• Schedule a time to visit the cultural centers and resource offices on campus that support marginalized populations (such as African American Student Affairs, Native American Student Affairs, Chicano Hispano Student Affairs, Asian Pacific American Student Affairs, LGBTQ Affairs, the Women’s Resource Center, and the Disability Resource Center). If you oversee a group, class or organization, create an activity where folks are challenged to do a space analysis to better understand how the values of a particular group are represented. Set up a time with center staff to learn the history of the space.
  • Create opportunities to have honest and challenging dialogues about race. Use high-profile bias incidents to spark the conversation but move beyond what happened between individuals in order to investigate the historical and institutional conditions that contributed to the incident. Share the feedback from groups who comprehensively respond to such incidents to generate ideas for how we might create change in our community. Encourage students to check out the UA Intergroup Dialogue Program through the UA Cultural Centers and other related programs.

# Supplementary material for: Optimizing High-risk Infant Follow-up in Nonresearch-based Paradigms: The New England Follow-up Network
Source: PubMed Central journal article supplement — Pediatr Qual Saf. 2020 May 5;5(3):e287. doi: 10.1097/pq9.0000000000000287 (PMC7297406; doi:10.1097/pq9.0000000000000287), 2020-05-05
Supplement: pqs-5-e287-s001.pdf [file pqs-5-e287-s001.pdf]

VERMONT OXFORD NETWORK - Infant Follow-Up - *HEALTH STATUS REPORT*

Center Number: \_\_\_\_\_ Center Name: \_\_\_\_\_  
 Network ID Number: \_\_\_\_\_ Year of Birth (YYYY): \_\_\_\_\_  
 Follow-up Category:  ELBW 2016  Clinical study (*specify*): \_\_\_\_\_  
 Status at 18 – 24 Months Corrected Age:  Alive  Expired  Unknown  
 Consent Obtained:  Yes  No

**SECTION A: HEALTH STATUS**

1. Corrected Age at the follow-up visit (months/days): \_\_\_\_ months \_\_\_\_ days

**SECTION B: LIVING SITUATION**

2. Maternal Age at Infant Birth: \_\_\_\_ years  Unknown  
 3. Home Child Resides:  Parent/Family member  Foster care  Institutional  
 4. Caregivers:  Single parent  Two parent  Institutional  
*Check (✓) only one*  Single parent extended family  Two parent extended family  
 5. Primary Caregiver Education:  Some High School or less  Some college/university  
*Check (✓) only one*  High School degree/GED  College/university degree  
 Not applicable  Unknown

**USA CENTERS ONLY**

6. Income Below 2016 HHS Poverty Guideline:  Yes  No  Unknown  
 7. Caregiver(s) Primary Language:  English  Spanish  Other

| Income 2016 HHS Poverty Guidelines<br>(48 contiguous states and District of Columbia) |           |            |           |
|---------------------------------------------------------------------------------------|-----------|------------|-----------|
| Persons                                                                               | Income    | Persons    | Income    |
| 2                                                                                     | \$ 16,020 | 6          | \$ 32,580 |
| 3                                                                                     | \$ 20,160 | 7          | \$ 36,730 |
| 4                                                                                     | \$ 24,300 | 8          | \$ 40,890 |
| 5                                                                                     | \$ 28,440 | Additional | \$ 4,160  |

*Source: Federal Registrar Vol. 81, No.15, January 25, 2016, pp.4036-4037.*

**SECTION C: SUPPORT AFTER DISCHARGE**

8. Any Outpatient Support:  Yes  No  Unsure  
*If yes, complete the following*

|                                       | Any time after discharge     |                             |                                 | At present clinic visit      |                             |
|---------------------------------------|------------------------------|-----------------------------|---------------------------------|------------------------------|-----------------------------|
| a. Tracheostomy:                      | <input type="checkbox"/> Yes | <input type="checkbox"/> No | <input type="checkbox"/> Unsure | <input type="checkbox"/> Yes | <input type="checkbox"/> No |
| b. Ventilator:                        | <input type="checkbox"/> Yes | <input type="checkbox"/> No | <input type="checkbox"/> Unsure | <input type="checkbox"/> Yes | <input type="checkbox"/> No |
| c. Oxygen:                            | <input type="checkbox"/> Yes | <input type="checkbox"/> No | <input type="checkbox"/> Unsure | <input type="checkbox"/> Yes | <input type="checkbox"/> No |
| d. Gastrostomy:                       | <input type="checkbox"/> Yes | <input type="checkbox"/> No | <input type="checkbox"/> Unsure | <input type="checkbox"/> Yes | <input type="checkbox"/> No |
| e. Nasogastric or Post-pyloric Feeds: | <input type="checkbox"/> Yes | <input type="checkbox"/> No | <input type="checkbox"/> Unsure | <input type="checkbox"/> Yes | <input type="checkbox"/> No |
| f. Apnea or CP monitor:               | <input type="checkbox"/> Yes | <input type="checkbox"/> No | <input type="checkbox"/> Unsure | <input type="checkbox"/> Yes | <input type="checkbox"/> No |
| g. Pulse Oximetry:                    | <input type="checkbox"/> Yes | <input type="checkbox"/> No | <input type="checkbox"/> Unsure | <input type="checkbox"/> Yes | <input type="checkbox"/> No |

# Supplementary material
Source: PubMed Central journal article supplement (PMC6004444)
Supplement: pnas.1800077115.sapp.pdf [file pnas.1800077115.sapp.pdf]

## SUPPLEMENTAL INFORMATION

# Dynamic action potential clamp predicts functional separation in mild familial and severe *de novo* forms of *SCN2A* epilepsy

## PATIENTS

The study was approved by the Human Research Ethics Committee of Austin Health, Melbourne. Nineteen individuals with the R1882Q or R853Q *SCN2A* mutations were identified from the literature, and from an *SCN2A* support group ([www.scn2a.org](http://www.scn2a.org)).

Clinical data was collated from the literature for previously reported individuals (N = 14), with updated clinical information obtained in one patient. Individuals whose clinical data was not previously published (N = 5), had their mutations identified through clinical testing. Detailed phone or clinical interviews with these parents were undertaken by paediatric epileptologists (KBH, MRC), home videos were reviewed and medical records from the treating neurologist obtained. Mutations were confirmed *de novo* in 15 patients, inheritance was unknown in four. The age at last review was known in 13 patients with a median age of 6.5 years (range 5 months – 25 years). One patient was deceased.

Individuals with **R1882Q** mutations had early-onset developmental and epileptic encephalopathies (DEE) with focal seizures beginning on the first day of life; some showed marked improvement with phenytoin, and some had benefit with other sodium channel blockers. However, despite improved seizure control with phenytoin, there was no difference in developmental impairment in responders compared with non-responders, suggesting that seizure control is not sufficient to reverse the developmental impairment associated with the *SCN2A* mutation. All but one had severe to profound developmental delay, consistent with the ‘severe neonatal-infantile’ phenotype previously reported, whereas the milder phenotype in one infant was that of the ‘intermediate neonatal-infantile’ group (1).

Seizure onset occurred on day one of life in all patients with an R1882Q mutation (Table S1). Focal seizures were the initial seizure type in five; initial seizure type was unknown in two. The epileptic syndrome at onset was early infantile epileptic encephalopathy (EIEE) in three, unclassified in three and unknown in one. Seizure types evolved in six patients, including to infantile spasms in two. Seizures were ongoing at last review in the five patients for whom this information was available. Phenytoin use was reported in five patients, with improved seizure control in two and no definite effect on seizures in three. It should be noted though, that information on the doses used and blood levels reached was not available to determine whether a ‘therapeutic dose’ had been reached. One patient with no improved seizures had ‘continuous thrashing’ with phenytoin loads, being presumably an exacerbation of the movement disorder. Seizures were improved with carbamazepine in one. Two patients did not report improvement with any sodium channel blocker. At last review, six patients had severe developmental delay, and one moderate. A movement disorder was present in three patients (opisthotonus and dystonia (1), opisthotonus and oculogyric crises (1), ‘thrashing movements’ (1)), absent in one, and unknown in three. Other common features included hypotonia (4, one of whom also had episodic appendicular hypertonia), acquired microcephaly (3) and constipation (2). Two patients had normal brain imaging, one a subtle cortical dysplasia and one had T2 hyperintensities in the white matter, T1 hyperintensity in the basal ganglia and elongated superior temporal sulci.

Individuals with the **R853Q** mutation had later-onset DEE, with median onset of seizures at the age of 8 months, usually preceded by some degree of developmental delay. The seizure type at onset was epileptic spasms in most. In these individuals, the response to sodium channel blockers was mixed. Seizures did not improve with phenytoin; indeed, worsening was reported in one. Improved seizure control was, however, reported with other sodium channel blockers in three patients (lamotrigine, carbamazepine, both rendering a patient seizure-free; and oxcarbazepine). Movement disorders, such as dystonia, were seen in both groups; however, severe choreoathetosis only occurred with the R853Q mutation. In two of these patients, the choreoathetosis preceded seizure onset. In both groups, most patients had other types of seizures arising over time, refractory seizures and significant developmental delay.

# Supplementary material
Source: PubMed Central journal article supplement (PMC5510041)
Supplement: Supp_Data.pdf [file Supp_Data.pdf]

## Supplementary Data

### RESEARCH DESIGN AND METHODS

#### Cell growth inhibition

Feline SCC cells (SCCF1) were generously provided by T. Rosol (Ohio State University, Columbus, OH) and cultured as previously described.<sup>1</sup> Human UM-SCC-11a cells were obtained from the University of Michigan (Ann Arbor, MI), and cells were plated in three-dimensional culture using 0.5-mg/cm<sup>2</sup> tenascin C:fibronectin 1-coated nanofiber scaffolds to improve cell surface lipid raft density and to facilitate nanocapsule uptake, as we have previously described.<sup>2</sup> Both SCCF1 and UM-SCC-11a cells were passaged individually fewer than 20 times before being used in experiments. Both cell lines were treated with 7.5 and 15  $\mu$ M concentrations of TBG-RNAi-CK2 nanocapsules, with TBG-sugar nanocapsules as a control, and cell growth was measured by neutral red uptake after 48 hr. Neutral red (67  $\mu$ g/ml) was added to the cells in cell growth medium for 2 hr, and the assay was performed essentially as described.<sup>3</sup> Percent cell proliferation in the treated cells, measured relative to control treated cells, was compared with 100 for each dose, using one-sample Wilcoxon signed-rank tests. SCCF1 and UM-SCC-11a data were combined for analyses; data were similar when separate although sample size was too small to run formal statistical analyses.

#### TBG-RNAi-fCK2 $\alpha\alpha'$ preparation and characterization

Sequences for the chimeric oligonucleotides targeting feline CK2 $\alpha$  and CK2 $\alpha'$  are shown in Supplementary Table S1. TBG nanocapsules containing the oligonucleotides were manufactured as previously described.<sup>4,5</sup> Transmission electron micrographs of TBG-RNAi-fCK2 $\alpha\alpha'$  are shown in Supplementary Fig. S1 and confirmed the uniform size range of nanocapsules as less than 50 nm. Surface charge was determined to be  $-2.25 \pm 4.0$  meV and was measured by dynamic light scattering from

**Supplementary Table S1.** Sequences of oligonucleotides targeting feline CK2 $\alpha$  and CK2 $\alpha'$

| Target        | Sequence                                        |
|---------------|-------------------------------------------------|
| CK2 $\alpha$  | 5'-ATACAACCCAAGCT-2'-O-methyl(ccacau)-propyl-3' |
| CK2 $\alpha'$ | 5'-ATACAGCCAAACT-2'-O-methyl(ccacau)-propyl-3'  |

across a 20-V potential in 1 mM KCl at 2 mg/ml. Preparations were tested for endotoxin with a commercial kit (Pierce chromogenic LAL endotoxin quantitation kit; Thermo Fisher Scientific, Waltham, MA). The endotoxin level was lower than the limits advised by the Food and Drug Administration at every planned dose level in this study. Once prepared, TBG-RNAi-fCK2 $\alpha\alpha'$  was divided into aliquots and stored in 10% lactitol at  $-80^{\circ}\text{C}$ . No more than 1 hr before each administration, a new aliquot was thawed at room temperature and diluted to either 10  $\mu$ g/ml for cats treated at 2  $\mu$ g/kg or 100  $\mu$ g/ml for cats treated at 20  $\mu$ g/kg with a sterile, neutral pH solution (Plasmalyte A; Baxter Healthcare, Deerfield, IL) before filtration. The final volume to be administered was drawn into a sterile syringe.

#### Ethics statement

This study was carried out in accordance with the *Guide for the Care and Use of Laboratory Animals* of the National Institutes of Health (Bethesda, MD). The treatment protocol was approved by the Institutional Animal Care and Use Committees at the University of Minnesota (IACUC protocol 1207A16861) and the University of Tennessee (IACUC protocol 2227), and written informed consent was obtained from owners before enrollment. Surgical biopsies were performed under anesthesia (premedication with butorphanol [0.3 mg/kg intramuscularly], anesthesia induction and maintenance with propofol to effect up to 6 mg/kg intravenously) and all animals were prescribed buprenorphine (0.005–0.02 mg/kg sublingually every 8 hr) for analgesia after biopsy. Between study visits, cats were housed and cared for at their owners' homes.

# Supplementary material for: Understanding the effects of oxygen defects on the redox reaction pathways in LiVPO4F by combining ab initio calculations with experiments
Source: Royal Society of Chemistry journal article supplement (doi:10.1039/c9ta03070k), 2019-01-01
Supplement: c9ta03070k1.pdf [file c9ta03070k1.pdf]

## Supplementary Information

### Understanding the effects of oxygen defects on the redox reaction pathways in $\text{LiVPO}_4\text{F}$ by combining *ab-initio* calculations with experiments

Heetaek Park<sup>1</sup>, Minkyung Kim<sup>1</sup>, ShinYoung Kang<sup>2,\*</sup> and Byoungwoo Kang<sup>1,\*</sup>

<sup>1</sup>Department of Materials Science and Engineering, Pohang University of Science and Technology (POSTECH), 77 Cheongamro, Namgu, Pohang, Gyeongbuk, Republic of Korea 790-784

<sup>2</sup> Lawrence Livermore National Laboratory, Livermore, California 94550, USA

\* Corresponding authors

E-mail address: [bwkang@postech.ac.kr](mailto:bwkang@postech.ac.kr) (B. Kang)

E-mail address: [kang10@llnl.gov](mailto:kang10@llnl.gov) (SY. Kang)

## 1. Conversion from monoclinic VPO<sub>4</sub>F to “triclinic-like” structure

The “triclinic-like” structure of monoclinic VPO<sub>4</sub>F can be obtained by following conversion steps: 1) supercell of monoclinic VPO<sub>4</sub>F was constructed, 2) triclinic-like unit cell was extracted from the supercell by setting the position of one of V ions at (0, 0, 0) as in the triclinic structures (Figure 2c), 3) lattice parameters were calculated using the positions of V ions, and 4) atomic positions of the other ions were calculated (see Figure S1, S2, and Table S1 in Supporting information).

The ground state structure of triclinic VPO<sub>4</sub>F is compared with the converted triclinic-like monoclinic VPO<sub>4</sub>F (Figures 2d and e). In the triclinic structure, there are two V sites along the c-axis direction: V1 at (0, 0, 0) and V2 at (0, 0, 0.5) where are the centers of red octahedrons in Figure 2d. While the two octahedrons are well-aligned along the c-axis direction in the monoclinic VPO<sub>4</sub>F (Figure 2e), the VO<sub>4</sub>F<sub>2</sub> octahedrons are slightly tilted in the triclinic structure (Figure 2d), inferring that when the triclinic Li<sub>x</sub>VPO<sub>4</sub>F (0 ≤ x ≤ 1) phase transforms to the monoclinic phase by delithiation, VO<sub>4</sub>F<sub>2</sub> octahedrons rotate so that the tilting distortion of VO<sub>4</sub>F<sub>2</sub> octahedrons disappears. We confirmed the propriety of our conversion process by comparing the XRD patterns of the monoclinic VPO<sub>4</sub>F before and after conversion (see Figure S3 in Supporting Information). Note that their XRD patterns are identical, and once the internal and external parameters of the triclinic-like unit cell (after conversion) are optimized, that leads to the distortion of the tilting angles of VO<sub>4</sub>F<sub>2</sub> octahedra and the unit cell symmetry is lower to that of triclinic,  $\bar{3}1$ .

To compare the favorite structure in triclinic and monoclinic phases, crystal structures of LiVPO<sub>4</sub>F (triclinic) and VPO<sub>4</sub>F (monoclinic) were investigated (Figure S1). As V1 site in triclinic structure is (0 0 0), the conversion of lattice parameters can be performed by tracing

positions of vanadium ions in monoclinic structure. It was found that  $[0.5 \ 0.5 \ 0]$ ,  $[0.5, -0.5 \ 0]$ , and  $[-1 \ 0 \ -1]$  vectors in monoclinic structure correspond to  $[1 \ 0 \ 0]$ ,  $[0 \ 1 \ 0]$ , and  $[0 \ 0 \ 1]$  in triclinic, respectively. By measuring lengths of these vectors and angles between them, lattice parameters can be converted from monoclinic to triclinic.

• Attend heritage month and awareness week events, like those featured during AASA’s Black History Month calendar.
  • Encourage students to explore accessible social media sites dedicated to the lived experiences of people of color like colorlines.com and microaggression.com
  • Share documents and texts that preserve the racial history of the UA, such as Race and Class on Campus by Jay Rochlin.